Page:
ARRIVAL AT PEKING.
Passing through Tung-Chow.--Good Behavior of the People.--The Road to Peking.-- A Dangerous Highway.--Daniel Webster and John Adams.--A Review of Our Party.--A Grotesque Procession.--The Eastern Gate of Peking.--The Separation of the Party.--Anxiety for Mr. Seward.--In Woful Plight.--An Explanation.-- Arrival at the U. S. Legation.
Peking, November 3d.--The Government at Peking, apprised of Mr. Seward's coming, had sent forward two intelligent mandarins to attend him to the capital. These officers at Tung-Chow sent up a messenger to report the array and progress of the party, in order that arrangements might be made for its safe and proper entrance into the city.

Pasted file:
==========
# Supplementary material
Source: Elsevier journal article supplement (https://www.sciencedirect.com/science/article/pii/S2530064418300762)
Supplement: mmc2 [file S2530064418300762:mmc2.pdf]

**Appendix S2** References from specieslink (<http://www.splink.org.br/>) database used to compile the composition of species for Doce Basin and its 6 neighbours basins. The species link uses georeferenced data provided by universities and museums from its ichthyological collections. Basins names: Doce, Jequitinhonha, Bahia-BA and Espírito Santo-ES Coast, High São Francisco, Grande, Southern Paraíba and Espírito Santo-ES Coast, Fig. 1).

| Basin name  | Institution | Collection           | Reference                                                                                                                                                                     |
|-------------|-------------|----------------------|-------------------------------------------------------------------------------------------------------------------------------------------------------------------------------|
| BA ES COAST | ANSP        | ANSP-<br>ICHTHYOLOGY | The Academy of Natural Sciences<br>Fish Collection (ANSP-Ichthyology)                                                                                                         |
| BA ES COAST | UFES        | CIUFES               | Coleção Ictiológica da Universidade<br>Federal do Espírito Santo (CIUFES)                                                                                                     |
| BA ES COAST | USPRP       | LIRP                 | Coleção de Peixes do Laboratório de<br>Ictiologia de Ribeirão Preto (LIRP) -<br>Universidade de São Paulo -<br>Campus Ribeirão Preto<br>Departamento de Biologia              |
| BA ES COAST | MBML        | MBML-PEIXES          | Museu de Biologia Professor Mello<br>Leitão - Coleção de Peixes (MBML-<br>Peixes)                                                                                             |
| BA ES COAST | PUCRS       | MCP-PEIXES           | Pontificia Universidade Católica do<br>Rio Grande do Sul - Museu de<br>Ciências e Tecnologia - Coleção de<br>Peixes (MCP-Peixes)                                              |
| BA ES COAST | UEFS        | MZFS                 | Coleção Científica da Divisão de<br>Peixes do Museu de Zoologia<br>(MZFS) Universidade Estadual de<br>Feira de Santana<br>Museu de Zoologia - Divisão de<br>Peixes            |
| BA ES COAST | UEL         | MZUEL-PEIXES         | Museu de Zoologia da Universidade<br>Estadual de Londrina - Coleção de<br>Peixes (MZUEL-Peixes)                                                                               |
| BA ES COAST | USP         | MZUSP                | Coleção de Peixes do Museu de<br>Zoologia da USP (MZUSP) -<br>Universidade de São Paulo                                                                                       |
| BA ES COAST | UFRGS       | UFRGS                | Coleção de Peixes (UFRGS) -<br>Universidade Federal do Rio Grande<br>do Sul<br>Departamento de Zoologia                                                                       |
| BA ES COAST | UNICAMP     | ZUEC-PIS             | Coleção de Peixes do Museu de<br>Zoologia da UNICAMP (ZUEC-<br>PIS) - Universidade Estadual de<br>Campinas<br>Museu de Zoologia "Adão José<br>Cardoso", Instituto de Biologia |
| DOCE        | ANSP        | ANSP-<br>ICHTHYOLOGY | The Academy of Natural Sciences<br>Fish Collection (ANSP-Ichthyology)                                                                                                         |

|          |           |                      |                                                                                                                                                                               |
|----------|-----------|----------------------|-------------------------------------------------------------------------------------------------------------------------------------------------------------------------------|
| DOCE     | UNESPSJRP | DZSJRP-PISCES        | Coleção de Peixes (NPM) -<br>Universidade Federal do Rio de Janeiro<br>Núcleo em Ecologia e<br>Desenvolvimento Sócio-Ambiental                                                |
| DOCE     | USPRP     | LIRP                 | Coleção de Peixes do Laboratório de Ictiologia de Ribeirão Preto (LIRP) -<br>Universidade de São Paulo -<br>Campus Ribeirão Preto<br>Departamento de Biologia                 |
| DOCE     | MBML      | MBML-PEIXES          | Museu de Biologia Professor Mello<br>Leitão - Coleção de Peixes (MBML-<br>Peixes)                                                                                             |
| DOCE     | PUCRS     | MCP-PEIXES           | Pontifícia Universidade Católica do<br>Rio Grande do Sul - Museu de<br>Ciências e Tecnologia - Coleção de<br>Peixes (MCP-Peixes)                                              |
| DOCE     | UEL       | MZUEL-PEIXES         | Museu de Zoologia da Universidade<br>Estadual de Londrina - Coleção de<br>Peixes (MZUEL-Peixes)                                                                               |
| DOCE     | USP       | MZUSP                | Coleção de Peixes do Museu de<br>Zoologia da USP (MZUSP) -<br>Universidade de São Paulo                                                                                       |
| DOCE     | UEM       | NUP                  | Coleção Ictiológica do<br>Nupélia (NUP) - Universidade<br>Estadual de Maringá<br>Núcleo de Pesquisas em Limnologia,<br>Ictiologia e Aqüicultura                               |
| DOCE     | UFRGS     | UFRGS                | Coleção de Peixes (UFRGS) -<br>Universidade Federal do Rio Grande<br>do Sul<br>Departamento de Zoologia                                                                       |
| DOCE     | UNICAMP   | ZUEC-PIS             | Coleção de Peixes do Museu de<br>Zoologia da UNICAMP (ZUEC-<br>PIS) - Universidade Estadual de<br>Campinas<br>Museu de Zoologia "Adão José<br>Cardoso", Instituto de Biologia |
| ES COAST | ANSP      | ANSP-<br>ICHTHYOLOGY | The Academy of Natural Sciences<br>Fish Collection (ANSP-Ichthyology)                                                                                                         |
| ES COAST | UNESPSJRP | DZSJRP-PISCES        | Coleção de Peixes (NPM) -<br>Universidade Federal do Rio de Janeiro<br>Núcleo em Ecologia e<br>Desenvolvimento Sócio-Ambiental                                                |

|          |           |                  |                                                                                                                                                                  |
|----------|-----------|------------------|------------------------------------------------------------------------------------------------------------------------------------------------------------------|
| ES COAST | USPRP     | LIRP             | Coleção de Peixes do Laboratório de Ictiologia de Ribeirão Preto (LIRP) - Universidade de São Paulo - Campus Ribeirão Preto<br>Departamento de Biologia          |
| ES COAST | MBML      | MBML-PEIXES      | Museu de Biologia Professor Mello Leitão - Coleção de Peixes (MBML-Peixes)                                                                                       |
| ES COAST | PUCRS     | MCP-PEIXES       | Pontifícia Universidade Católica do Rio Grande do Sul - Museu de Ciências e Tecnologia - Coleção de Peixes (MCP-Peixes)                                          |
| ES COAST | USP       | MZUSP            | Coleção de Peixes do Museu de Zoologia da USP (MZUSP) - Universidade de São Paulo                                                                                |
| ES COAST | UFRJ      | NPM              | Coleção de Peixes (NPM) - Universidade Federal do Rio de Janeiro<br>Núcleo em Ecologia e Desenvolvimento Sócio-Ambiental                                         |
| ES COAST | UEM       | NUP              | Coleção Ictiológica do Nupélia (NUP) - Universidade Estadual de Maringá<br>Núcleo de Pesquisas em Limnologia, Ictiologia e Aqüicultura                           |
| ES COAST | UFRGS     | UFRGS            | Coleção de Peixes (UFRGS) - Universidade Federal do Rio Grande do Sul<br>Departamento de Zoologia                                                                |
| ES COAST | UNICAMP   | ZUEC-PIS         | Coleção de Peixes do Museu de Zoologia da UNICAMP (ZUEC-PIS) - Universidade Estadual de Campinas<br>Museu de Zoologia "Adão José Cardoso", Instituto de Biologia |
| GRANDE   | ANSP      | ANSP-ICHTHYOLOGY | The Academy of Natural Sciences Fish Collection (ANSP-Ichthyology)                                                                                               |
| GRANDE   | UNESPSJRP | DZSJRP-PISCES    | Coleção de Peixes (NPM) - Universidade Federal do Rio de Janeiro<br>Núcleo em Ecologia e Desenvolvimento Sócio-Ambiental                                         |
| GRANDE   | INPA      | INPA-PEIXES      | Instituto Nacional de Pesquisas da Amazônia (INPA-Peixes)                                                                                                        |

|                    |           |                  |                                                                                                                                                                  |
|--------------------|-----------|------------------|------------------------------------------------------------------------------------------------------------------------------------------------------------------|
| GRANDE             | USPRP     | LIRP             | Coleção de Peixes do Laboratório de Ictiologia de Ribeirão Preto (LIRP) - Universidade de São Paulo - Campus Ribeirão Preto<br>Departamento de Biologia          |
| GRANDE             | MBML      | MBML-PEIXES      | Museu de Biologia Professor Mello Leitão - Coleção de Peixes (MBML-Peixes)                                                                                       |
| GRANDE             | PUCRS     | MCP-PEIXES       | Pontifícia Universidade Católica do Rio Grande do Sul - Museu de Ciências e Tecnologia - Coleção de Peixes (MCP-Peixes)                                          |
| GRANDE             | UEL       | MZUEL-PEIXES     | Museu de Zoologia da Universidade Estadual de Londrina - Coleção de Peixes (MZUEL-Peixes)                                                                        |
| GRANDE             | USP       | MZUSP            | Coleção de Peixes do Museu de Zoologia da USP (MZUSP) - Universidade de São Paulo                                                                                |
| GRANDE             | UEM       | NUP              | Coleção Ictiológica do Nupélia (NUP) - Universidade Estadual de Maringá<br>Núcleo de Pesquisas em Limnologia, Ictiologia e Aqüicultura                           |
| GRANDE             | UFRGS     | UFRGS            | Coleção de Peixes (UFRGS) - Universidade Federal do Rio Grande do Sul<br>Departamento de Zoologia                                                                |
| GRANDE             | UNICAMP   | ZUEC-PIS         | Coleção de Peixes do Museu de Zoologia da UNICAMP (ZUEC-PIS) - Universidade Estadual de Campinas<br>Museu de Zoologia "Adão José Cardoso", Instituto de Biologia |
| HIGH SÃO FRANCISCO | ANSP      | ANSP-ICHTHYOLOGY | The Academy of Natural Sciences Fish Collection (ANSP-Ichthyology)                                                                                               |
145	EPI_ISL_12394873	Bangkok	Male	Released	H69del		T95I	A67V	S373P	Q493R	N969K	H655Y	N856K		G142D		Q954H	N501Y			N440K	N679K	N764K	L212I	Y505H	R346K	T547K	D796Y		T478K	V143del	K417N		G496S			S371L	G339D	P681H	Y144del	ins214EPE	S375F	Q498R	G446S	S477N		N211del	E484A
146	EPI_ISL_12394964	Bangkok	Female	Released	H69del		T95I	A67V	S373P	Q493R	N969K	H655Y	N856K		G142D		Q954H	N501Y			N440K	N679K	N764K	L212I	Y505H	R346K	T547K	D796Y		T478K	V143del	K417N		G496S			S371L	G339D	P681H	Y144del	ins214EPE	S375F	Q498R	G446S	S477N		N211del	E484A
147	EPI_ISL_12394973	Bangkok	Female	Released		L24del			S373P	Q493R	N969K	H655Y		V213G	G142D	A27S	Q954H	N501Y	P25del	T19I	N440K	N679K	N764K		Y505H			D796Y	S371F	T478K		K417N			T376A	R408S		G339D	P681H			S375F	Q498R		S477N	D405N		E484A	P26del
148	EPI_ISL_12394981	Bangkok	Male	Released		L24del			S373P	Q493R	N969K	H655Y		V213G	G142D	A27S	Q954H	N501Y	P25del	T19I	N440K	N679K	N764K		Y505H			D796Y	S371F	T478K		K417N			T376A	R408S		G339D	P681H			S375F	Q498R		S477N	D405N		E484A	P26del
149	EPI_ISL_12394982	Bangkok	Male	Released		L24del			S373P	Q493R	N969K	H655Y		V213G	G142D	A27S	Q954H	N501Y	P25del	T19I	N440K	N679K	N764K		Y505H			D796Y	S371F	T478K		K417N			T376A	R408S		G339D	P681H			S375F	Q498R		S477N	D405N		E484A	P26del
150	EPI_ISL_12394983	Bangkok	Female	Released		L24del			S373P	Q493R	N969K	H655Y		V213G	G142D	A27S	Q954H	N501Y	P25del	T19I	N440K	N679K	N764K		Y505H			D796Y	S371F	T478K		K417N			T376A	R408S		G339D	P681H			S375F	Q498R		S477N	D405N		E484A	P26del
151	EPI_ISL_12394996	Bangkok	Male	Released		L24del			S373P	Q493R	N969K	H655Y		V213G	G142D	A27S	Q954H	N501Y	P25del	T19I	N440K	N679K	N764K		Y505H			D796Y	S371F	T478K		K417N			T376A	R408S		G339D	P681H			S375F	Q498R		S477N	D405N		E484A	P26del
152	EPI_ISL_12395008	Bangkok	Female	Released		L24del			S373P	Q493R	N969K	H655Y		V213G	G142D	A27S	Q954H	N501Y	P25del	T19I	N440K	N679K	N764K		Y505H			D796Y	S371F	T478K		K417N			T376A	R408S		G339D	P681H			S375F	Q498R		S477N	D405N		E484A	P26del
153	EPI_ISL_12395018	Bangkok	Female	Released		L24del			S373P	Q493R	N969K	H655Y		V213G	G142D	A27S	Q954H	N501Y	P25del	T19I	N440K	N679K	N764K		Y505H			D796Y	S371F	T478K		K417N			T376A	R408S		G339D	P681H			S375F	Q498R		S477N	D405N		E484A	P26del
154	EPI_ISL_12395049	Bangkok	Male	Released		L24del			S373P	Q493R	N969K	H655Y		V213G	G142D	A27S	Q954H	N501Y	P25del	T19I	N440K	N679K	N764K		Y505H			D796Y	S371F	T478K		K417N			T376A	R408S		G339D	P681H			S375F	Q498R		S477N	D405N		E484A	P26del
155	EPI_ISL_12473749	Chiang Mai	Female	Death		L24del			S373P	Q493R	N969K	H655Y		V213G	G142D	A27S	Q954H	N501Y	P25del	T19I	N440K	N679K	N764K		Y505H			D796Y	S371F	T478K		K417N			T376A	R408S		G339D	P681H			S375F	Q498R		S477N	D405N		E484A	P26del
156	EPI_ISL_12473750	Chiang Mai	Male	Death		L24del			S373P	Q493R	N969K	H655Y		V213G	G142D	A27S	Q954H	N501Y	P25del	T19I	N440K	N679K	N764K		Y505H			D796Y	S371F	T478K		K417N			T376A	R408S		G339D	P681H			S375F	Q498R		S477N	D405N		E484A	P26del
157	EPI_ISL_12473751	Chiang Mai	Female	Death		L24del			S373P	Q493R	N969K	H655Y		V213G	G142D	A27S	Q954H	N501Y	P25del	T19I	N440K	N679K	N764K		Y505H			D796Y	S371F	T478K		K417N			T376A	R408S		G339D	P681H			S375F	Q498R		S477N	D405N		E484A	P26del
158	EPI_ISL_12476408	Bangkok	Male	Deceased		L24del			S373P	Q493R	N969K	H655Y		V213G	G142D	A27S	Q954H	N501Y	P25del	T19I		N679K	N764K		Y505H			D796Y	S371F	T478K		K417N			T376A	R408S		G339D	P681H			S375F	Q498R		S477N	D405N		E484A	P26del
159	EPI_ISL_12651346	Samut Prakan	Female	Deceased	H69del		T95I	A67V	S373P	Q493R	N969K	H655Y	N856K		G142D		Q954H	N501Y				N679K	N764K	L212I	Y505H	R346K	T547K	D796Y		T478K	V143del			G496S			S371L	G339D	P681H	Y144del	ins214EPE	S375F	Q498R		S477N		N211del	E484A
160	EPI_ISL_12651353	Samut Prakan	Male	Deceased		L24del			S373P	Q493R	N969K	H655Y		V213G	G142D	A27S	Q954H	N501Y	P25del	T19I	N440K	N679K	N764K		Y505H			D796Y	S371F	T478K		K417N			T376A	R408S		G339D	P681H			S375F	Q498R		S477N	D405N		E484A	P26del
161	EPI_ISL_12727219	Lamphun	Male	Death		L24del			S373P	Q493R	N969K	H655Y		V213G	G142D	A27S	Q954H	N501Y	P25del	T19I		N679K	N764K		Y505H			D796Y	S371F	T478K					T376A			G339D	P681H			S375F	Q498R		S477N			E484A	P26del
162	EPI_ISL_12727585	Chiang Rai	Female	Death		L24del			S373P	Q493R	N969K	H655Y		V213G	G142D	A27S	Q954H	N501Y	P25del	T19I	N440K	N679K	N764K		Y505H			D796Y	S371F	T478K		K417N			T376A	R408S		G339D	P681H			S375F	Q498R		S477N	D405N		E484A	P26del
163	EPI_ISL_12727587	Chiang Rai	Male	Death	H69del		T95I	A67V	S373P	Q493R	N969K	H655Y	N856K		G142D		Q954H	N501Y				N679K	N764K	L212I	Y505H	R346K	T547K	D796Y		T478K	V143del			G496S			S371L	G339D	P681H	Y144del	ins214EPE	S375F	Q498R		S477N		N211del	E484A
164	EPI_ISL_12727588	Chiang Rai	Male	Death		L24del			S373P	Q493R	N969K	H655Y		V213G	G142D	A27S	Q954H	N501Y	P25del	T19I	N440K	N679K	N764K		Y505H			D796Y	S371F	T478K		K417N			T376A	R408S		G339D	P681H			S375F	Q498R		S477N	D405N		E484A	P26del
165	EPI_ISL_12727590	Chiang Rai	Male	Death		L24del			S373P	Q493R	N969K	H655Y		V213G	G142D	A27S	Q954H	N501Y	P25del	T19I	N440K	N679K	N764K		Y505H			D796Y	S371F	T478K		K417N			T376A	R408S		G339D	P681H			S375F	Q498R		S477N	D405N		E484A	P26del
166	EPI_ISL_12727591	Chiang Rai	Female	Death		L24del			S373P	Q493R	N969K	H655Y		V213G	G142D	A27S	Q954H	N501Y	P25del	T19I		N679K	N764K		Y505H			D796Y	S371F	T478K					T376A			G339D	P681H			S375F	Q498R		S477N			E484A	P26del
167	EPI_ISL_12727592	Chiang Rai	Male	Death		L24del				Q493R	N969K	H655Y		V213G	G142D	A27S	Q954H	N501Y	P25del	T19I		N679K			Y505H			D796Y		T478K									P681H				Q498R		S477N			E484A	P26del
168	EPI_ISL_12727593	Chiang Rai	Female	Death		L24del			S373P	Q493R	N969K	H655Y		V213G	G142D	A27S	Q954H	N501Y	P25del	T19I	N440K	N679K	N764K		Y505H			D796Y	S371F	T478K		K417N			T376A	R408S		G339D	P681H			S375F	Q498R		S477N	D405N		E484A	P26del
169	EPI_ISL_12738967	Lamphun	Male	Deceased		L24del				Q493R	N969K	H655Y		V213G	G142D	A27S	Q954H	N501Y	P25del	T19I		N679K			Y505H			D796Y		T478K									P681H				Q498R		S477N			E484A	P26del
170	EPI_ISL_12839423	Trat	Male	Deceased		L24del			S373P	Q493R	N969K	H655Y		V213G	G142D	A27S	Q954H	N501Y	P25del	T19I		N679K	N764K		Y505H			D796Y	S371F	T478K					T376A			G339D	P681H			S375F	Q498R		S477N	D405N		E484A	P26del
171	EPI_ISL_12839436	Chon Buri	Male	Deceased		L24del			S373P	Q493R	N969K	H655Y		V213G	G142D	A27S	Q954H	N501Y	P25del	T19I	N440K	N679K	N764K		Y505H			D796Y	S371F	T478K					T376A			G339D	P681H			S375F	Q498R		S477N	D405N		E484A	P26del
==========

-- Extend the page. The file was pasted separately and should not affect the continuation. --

What could be more gratifying to our national and personal pride than the prospect, thus opened to us, of a kind and distinguished reception? We took our way up the shelving levee, but without a road or path. We went a long distance down and across the ditches, which teemed with noxious vapors arising from the vegetable merchandise and offal of the city. At length our mandarins brought us up from the river's edge into bustling lanes, varying from five to twelve feet wide. The population gathered to see a procession so unique, and probably to them imposing. After a full half-mile, we descended into a broad ditch, filled with water reekingly offensive--a treacherous path for pedestrians, but Chinese chair-bearers, like Chinese beasts, are sure footed. We passed through an arch, under a high wall, which stands on the